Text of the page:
Understanding pain during sex: What is dyspareunia, why it might happen and what you can do about it

The American College of Obstetricians and Gynecologists says that nearly three out of four women have experienced dyspareunia, the medical term for painful intercourse, at least once in their life

Myupchar August 21, 2020 22:22:34 IST
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Understanding pain during sex: What is dyspareunia, why it might happen and what you can do about it

While experiencing pain during sex is common, it is not normal. The American College of Obstetricians and Gynecologists (ACOG) says that nearly three out of four women have experienced dyspareunia, the medical term for painful intercourse, at least once in their life.

Why dyspareunia occurs

But while these statistics do prove that it’s very common, it’s important to remember that no woman should have to suffer in silence. Dyspareunia (di-spuh-ROO-nee-uh) can be temporary or chronic, but understanding why it happens to you may help you get appropriate treatment in time.

According to Harvard Health Publishing, the following could be the causes behind experiencing pain during sex:

  • Vaginal dryness due to lack of lubrication or breastfeeding
  • Urinary tract infections, vaginal infections or sexually transmitted infections (STIs)
  • Side effects of medications like antihistamines
  • Medical conditions like endometriosis or uterine fibroids
  • Inflammation in the vagina or vulva
  • Skin diseases affecting the vaginal or vulvar areas
  • Allergic reactions to clothing, douching or spermicides
  • Psychological trauma due to past sexual abuse or trauma

Understanding pain during sex

Identifying these underlying causes behind dyspareunia is likely to provide better avenues of treatment for you, whether it’s through medications or psychological counselling. But understanding what type of painful sex you’re experiencing can go a long way in speeding up this diagnosis.

A 2018 study published in Cureus says that dyspareunia is a complex health issue, and the pain experienced during sex can be broken down into the four types. The diagnosis of the underlying health condition may depend on the type of pain you’re experiencing.

1. Superficial dyspareunia: The pain is felt around the vulva or vaginal entrance.

2. Deep dyspareunia: The pain is perceived inside the vagina or lower pelvis, and is often associated with deep penetration.

3. Primary dyspareunia: The pain occurs at the time when you have sex for the first time in your life.

4. Secondary dyspareunia: The pain starts after some time of pain-free sexual experiences, which can be any time between the first time you had sex and the rest of your life.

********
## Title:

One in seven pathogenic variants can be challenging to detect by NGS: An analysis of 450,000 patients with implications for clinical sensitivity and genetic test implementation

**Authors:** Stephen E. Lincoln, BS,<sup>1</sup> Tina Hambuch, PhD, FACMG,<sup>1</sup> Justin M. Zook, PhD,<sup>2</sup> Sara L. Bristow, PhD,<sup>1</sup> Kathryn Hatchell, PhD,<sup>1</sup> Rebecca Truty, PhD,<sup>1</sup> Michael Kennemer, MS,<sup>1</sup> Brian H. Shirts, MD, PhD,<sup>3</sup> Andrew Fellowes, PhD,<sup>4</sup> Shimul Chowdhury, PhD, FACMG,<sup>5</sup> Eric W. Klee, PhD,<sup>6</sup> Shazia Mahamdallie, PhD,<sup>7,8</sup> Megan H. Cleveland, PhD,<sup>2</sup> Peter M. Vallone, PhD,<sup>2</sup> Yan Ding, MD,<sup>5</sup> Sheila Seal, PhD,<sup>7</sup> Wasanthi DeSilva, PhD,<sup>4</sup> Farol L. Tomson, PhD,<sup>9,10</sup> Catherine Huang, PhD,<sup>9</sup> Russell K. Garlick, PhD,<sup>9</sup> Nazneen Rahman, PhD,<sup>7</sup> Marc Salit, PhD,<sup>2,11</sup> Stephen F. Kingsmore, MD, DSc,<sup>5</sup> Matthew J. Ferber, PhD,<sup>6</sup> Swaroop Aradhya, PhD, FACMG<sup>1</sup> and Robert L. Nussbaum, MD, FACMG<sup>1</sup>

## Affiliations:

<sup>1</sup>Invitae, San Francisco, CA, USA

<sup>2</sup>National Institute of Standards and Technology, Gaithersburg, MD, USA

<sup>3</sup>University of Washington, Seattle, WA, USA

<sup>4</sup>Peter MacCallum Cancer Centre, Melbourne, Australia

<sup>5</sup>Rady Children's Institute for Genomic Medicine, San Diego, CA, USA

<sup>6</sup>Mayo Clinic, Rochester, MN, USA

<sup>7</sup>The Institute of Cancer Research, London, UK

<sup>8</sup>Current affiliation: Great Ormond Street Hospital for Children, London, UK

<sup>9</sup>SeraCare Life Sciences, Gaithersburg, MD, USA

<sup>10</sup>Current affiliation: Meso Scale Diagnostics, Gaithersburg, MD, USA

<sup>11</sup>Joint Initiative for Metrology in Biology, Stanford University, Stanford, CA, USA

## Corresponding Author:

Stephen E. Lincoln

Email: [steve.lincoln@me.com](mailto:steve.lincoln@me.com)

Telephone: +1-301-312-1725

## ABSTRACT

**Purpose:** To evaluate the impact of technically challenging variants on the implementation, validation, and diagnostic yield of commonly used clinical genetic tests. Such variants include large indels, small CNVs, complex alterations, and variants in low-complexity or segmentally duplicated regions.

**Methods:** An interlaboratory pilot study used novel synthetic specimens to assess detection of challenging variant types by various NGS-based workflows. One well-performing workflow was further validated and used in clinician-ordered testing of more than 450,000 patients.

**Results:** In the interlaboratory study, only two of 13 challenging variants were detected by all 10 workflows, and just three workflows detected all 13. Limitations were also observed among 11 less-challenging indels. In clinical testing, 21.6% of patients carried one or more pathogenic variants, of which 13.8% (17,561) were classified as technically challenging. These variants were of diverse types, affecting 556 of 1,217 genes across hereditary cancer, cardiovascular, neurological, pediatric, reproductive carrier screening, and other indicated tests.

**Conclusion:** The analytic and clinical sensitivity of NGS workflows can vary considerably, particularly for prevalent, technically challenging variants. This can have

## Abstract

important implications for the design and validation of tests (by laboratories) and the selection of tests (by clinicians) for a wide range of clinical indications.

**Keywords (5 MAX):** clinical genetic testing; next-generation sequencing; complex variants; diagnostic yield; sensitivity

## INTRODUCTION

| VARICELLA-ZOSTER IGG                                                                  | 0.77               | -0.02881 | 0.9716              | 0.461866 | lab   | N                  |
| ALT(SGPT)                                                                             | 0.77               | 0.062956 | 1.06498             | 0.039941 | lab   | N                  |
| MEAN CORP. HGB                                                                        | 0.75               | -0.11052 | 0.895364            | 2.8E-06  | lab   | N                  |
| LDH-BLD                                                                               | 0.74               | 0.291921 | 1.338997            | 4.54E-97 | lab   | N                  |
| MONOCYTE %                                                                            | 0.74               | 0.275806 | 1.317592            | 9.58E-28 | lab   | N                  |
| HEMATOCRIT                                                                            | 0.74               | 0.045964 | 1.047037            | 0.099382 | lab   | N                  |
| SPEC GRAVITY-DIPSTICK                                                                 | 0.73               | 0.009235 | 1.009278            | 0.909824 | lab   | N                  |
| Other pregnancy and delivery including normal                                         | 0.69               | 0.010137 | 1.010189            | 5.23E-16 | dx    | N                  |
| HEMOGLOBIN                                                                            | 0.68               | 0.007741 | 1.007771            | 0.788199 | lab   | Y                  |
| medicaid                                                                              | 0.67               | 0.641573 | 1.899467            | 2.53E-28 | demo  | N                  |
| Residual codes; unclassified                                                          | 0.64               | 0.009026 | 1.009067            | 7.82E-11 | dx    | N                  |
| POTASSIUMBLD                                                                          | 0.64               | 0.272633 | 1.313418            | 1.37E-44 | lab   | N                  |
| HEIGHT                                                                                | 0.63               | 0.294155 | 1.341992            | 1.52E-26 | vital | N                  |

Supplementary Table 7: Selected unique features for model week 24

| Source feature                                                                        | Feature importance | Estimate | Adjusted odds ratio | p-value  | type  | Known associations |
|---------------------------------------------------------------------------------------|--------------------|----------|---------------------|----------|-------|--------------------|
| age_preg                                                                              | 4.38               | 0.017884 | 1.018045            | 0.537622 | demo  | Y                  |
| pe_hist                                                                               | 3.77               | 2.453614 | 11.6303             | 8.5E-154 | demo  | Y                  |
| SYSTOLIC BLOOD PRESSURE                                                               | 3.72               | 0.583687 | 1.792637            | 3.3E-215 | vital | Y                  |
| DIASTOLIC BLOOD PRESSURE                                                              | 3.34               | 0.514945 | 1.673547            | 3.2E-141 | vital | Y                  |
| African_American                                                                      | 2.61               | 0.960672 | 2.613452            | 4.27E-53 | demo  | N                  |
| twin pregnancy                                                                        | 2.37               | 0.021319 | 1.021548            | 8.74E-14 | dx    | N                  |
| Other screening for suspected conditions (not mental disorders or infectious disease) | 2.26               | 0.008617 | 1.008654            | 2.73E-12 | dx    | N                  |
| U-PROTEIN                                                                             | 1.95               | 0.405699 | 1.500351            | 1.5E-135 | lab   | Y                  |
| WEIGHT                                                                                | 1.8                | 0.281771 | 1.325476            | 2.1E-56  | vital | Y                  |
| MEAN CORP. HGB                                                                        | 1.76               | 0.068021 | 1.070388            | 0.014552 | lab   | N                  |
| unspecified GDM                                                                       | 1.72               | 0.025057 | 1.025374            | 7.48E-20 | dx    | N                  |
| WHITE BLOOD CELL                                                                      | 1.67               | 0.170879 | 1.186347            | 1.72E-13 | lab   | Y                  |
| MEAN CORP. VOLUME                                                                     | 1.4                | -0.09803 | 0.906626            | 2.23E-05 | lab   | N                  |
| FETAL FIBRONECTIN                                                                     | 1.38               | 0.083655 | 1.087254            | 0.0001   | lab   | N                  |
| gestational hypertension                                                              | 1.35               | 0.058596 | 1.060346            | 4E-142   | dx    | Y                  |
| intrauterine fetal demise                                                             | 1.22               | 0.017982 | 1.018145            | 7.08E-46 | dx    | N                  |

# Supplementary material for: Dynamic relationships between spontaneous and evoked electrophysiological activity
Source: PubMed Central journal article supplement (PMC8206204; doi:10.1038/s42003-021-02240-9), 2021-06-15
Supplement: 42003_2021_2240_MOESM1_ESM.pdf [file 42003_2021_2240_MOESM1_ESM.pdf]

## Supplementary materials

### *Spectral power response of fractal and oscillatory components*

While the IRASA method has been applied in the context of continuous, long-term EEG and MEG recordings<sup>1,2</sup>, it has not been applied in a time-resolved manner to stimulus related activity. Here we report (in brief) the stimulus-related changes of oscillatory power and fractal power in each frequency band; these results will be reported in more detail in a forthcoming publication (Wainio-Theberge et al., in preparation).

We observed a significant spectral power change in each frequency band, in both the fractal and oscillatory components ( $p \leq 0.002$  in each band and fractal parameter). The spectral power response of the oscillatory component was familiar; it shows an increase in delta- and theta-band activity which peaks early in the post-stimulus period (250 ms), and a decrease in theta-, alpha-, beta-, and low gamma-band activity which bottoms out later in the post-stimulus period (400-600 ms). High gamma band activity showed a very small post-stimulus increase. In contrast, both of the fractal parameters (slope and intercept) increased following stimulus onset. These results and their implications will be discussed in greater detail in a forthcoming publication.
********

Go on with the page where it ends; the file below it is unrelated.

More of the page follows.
The silent impact of dyspareunia

Whatever the reason behind it, dyspareunia can have a huge impact on a woman’s life. The Cureus study also indicated that despite its high prevalence, a lot of women find it difficult to talk about or get treatment for painful sex. This could be due to lack of awareness, the stigma attached to female sexual and reproductive health, or due to lack of access to appropriate healthcare or medical professionals.

Decreased sexual frequency, sexual dysfunction, distressed relationship with a partner and low quality of life are all effects that dyspareunia may have on you, especially if you suffer in silence. It’s equally important to remember that dyspareunia is a pain disorder, and can have a huge impact on both your biological and mental health.

Things you can do about painful sex

Apart from getting treatment for dyspareunia, and trying out sex positions that may reduce dyspareunia, you can also use the following preventive tips:

  • Don’t wear tight, non-cotton underwear and practise good vaginal hygiene.
  • Always pee after sex.
  • Remember to wipe front to back if you’re using toilet paper.
  • Communicate with your partner about comfort, pain and try positions and acts that both of you are comfortable with.
  • If vaginal sex is too painful, try other forms of intimacy like mutual masturbation.
  • You could take a warm bath, empty your bladder and take an over-the-counter pain medication before sex.
  • If you experience pain after intercourse, apply an ice pack.
  • Use lubricants, condoms and other protective barriers for sex.
  • Visit a gynaecologist for regular screenings and any sexual health issues you may have.

For more information, read our article on Pain during sex.

Health articles in Firstpost are written by myUpchar.com, India’s first and biggest resource for verified medical information. At myUpchar, researchers and journalists work with doctors to bring you information on all things health.

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